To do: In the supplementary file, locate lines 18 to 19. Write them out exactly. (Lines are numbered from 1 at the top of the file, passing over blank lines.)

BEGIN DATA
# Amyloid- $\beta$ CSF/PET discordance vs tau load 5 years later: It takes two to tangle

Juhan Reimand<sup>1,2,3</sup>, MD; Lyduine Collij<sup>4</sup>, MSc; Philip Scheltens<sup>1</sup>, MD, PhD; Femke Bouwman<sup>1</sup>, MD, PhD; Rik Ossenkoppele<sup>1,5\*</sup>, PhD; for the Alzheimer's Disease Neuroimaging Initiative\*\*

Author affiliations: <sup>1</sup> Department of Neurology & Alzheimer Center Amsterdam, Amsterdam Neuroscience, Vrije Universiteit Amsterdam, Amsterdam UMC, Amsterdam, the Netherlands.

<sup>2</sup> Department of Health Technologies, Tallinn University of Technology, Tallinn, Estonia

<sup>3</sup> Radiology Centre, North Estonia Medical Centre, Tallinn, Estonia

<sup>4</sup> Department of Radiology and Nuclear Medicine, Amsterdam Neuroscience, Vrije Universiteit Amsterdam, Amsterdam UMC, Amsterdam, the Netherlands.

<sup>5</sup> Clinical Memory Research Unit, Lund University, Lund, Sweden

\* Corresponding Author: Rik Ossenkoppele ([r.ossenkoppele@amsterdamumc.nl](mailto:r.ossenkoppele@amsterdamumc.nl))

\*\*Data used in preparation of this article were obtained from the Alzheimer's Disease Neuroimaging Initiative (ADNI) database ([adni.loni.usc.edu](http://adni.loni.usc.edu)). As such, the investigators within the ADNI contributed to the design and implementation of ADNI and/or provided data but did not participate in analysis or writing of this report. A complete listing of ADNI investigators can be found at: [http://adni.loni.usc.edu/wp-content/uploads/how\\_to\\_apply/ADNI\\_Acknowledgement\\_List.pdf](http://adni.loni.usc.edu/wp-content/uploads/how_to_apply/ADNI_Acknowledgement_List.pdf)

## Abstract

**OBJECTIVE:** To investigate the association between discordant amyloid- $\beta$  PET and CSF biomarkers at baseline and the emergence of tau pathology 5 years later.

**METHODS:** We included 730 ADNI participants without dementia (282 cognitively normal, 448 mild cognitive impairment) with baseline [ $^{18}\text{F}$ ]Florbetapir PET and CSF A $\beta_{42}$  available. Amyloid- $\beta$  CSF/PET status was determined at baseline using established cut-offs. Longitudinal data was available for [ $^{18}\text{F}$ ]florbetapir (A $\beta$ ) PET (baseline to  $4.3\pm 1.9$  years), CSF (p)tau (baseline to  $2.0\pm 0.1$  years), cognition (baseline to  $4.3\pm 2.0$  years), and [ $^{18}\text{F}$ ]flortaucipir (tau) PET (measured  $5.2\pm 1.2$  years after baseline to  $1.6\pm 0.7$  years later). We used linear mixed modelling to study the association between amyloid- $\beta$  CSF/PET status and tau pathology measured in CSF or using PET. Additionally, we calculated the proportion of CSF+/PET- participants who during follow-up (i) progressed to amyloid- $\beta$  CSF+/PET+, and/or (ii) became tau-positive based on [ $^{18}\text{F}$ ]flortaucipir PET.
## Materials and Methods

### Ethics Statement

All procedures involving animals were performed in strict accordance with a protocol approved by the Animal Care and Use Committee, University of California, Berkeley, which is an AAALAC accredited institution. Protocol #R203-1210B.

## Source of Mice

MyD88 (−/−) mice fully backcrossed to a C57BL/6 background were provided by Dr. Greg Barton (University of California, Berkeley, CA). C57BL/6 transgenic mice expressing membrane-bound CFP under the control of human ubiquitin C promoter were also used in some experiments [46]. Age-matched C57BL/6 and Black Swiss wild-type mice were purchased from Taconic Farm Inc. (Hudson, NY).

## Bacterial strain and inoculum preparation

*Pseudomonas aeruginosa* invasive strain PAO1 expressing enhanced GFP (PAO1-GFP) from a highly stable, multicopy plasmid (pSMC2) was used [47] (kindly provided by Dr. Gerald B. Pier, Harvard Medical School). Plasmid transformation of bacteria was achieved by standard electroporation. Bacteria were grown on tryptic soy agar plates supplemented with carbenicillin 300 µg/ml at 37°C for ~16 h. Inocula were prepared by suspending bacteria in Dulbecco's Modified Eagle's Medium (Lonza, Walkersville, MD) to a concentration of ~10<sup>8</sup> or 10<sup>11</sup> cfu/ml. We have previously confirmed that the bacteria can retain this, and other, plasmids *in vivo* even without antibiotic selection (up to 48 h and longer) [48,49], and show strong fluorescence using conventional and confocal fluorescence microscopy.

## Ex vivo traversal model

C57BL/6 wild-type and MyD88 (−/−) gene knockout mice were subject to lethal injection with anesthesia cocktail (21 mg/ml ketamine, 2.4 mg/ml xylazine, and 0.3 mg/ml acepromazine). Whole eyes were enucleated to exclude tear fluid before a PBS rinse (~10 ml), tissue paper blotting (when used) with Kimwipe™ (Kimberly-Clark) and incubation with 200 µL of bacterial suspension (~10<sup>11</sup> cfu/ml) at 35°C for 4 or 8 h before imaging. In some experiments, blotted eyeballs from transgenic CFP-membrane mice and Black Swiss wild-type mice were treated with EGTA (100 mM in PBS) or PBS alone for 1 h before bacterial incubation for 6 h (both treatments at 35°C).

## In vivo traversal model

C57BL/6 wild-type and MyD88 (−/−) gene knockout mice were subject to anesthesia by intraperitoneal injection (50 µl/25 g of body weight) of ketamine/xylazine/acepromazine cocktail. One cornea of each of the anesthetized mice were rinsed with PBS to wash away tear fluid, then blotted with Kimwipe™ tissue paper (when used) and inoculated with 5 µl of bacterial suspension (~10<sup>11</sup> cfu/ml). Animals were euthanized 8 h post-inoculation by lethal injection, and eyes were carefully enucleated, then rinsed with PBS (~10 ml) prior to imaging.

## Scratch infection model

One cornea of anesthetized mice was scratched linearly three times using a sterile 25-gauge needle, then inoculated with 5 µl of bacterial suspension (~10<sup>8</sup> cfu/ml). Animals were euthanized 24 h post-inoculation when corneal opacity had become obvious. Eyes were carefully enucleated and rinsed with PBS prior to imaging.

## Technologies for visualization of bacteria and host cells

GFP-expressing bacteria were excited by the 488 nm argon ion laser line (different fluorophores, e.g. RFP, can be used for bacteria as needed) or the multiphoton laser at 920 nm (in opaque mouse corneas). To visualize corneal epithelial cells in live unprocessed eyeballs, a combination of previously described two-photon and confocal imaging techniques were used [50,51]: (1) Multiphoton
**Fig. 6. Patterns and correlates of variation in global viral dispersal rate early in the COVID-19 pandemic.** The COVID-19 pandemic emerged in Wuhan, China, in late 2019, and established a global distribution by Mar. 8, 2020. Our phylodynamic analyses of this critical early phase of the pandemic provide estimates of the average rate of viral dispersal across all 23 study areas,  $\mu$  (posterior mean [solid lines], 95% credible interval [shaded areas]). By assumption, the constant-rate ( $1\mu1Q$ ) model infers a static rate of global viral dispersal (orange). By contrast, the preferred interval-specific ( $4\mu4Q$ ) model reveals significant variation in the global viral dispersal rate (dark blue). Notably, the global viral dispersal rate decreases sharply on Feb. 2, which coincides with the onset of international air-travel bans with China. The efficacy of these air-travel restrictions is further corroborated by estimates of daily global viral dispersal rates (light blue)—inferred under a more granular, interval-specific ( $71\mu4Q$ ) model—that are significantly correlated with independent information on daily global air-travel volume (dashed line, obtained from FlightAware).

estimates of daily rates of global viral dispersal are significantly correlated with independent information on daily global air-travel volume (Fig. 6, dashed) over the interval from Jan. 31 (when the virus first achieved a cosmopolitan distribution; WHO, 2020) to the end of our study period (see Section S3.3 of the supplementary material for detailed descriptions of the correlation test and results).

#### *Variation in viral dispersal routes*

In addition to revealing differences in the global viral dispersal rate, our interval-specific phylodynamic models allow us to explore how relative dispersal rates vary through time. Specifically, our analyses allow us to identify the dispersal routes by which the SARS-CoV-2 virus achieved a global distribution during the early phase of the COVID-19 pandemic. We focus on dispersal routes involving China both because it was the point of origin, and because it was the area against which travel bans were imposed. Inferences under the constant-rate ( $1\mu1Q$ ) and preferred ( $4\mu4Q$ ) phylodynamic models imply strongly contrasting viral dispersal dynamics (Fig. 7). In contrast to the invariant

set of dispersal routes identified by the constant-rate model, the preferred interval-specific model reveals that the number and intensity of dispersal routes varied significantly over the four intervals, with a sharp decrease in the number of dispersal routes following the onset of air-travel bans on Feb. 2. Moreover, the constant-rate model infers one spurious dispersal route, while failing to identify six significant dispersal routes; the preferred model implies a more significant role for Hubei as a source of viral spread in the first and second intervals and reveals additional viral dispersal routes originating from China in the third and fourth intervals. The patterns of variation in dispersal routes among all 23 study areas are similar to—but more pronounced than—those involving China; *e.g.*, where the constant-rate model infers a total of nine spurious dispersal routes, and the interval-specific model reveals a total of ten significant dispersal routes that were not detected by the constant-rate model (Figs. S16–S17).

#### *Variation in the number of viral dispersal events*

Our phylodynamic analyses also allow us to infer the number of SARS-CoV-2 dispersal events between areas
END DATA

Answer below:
## Bacterial strain and inoculum preparation

*Pseudomonas aeruginosa* invasive strain PAO1 expressing enhanced GFP (PAO1-GFP) from a highly stable, multicopy plasmid (pSMC2) was used [47] (kindly provided by Dr. Gerald B. Pier, Harvard Medical School). Plasmid transformation of bacteria was achieved by standard electroporation. Bacteria were grown on tryptic soy agar plates supplemented with carbenicillin 300 µg/ml at 37°C for ~16 h. Inocula were prepared by suspending bacteria in Dulbecco's Modified Eagle's Medium (Lonza, Walkersville, MD) to a concentration of ~10<sup>8</sup> or 10<sup>11</sup> cfu/ml. We have previously confirmed that the bacteria can retain this, and other, plasmids *in vivo* even without antibiotic selection (up to 48 h and longer) [48,49], and show strong fluorescence using conventional and confocal fluorescence microscopy.